The following vignette describes the `geom_lineribbon()`

family of stats and geoms in `ggdist`

, a family of stats and geoms for creating line+ribbon plots: for example, plots with a fit line and one or more uncertainty bands. This vignette also describes the `curve_interval()`

function for calculating curvewise (joint) intervals for lineribbon plots.

The following libraries are required to run this vignette:

```
library(dplyr)
library(tidyr)
library(purrr)
library(ggdist)
library(ggplot2)
library(distributional)
library(cowplot)
theme_set(theme_ggdist())
```

The lineribbon family follows the same naming scheme as the larger family of slabinterval geoms (see `vignette("slabinterval")`

). It has three members: `geom_lineribbon()`

, `stat_lineribbon()`

, and `stat_dist_lineribbon()`

.

`geom_lineribbon()`

is meant to be used on data already summarized into points and intervals.`stat_lineribbon()`

is meant to be used on sample data; e.g. draws from a posterior distribution of lines/curves, a bootstrap sampling distribution of lines/curves, an ensemble distribution, or any other distribution, really. This stat computes relevant summaries (points and intervals) before forwarding the summaries to`geom_lineribbon()`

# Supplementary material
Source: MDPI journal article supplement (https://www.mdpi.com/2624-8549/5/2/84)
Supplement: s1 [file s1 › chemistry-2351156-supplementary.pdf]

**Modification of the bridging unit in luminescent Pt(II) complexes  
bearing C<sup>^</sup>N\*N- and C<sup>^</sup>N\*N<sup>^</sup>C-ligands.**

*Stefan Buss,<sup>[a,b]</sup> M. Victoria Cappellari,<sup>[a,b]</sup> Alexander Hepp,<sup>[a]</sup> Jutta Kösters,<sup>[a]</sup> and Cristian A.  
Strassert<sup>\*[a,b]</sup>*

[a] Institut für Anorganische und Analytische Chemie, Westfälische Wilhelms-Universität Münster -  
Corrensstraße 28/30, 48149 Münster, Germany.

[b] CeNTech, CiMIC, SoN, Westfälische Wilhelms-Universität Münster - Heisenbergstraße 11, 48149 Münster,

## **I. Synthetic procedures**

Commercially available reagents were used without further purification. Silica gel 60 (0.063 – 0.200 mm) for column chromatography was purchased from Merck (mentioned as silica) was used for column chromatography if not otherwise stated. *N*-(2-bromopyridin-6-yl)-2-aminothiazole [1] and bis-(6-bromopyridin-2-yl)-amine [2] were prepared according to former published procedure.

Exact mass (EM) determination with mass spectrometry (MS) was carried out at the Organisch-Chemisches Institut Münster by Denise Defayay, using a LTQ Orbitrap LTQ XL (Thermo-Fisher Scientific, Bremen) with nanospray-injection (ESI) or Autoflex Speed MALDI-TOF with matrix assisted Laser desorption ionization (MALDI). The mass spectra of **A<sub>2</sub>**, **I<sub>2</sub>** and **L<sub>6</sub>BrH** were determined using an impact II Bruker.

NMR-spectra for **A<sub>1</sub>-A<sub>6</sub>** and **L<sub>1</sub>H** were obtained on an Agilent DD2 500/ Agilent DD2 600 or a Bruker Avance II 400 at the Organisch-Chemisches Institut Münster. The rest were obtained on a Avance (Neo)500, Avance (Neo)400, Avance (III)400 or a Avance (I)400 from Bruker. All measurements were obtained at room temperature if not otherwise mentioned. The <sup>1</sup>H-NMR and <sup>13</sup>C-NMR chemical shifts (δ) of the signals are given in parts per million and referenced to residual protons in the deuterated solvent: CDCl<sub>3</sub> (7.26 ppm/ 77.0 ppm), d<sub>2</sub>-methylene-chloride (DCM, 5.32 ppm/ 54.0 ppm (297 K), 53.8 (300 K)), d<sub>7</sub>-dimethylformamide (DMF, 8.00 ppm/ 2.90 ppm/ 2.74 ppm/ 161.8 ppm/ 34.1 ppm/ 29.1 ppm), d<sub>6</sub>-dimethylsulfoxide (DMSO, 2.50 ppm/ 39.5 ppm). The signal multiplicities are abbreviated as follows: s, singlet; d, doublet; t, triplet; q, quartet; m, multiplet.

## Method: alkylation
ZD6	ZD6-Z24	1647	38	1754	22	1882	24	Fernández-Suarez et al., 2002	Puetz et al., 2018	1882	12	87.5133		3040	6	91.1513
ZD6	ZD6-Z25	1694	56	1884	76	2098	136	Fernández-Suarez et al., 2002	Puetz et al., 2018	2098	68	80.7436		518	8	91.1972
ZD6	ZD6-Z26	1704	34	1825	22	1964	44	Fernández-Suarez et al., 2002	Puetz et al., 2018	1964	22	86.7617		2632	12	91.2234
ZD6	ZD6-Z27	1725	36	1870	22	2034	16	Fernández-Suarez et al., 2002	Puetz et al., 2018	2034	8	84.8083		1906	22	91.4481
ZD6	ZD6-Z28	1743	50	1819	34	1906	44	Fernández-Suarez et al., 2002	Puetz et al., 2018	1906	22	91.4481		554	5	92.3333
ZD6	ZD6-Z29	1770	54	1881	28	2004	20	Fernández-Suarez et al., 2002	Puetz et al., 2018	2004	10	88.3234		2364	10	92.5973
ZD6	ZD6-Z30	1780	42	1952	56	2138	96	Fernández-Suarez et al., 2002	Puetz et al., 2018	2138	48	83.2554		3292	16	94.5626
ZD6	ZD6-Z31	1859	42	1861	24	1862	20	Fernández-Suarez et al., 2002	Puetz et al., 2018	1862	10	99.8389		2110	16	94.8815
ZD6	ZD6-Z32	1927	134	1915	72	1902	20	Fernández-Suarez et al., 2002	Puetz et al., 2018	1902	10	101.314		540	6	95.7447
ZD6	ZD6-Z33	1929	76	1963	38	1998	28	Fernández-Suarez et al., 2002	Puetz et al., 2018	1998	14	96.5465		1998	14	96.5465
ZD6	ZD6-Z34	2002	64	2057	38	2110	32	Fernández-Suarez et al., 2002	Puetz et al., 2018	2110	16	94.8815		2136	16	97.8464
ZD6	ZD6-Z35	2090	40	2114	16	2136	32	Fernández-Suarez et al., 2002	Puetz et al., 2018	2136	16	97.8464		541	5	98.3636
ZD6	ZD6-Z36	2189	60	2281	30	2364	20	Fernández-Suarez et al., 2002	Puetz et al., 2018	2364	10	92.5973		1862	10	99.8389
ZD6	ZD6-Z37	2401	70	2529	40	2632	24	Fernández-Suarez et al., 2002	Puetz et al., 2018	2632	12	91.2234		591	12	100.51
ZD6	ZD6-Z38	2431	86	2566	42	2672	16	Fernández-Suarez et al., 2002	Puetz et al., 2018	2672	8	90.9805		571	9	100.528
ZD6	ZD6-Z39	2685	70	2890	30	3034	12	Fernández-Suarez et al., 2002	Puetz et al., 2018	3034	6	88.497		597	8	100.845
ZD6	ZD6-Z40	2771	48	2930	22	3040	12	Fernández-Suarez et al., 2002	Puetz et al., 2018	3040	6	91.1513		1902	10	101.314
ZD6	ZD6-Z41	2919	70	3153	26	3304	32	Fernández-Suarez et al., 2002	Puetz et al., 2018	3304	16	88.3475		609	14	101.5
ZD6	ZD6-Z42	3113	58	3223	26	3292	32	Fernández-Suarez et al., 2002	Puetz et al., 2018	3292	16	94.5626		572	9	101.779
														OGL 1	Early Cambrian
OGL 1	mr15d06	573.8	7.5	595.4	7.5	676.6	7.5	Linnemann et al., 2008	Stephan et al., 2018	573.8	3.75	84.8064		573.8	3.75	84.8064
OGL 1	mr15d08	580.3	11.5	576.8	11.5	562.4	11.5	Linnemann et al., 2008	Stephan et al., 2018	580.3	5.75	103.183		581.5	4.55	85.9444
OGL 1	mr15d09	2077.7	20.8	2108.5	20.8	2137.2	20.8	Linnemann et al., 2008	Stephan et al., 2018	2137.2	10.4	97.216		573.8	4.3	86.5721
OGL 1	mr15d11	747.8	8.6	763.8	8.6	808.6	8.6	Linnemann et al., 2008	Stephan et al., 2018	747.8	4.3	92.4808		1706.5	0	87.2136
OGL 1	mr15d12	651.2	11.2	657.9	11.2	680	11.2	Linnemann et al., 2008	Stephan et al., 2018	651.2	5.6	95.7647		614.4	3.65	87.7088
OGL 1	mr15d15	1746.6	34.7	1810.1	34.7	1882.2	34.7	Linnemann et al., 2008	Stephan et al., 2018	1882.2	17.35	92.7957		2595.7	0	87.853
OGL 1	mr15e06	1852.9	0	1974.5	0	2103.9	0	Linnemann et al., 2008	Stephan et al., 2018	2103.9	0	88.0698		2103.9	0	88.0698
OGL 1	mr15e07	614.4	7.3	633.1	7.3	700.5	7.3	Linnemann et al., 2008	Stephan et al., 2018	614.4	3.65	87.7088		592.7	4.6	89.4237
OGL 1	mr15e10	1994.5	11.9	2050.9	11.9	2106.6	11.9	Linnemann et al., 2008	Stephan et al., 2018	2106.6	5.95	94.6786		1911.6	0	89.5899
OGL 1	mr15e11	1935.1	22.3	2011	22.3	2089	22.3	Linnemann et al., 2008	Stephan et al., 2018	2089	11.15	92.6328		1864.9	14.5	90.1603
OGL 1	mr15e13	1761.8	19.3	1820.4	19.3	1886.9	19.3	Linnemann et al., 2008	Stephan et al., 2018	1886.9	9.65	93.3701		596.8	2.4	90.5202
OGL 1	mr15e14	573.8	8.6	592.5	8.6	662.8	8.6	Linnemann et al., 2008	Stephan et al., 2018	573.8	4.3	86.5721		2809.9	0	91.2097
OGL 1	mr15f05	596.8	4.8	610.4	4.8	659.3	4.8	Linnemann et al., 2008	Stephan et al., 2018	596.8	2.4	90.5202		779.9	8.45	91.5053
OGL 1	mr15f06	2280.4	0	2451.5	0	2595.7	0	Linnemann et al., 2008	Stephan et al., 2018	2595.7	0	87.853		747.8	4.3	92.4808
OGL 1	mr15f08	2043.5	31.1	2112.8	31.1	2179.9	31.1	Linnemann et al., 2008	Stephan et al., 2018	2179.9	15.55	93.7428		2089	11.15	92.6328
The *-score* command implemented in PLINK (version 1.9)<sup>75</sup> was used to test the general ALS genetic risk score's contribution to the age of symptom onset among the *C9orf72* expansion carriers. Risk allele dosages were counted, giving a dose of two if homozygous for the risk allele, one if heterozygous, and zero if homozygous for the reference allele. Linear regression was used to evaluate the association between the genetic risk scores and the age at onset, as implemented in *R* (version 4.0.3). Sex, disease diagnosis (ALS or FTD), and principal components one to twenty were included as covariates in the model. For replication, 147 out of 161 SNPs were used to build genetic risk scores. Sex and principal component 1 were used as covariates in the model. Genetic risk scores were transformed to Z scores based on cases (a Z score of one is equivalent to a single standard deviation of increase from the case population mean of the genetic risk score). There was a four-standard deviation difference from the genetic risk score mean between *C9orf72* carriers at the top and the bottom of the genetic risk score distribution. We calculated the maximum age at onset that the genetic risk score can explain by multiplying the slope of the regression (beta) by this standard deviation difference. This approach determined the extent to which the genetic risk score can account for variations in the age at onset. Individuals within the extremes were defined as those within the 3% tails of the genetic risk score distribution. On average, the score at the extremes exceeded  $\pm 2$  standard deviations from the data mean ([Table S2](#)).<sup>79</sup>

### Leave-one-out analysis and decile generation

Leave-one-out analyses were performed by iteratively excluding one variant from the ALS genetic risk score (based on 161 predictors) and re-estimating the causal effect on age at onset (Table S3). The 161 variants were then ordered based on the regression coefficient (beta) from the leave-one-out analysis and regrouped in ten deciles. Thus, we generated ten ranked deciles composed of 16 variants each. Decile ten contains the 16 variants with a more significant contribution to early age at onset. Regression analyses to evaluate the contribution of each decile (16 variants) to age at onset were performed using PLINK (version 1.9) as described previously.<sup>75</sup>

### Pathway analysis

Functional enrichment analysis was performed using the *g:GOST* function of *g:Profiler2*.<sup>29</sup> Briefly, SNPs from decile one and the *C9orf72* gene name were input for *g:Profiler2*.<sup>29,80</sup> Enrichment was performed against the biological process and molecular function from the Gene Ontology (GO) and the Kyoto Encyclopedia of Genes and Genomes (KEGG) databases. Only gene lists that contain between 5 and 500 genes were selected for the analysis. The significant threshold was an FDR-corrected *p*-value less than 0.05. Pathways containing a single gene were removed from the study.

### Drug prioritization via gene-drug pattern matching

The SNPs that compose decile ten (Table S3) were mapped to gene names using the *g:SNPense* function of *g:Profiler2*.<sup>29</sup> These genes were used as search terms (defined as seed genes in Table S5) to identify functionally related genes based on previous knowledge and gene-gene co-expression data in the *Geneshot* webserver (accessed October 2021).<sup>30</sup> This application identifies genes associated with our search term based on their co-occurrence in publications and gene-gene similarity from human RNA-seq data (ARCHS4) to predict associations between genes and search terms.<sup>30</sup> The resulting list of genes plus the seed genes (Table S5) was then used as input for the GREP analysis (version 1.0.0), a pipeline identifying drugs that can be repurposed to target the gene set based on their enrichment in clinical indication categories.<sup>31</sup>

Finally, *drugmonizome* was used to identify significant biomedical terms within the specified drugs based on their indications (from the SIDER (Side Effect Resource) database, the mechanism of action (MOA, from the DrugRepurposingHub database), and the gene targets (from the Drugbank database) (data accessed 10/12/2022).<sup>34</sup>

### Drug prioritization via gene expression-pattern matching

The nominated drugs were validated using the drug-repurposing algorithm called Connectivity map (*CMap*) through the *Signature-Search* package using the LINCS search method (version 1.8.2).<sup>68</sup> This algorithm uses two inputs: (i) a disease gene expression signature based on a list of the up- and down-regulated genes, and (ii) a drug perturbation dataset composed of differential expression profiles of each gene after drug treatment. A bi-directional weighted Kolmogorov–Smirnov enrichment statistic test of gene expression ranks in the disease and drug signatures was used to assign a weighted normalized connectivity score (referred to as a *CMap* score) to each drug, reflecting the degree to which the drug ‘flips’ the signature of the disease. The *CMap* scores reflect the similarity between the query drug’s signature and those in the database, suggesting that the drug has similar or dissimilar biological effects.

.`stat_dist_lineribbon()`

can be used to create lineribbon geoms for analytical distributions. It takes either distributional objects or distribution names (the`dist`

aesthetic) and arguments (the`args`

aesthetic or`arg1`

, …`arg9`

aesthetics) and compute the relevant slabs and intervals.

All lineribbon geoms can be plotted horizontally or vertically. Depending on how aesthetics are mapped, they will attempt to automatically determine the orientation; if this does not produce the correct result, the orientation can be overridden by setting `orientation = "horizontal"`

or `orientation = "vertical"`

.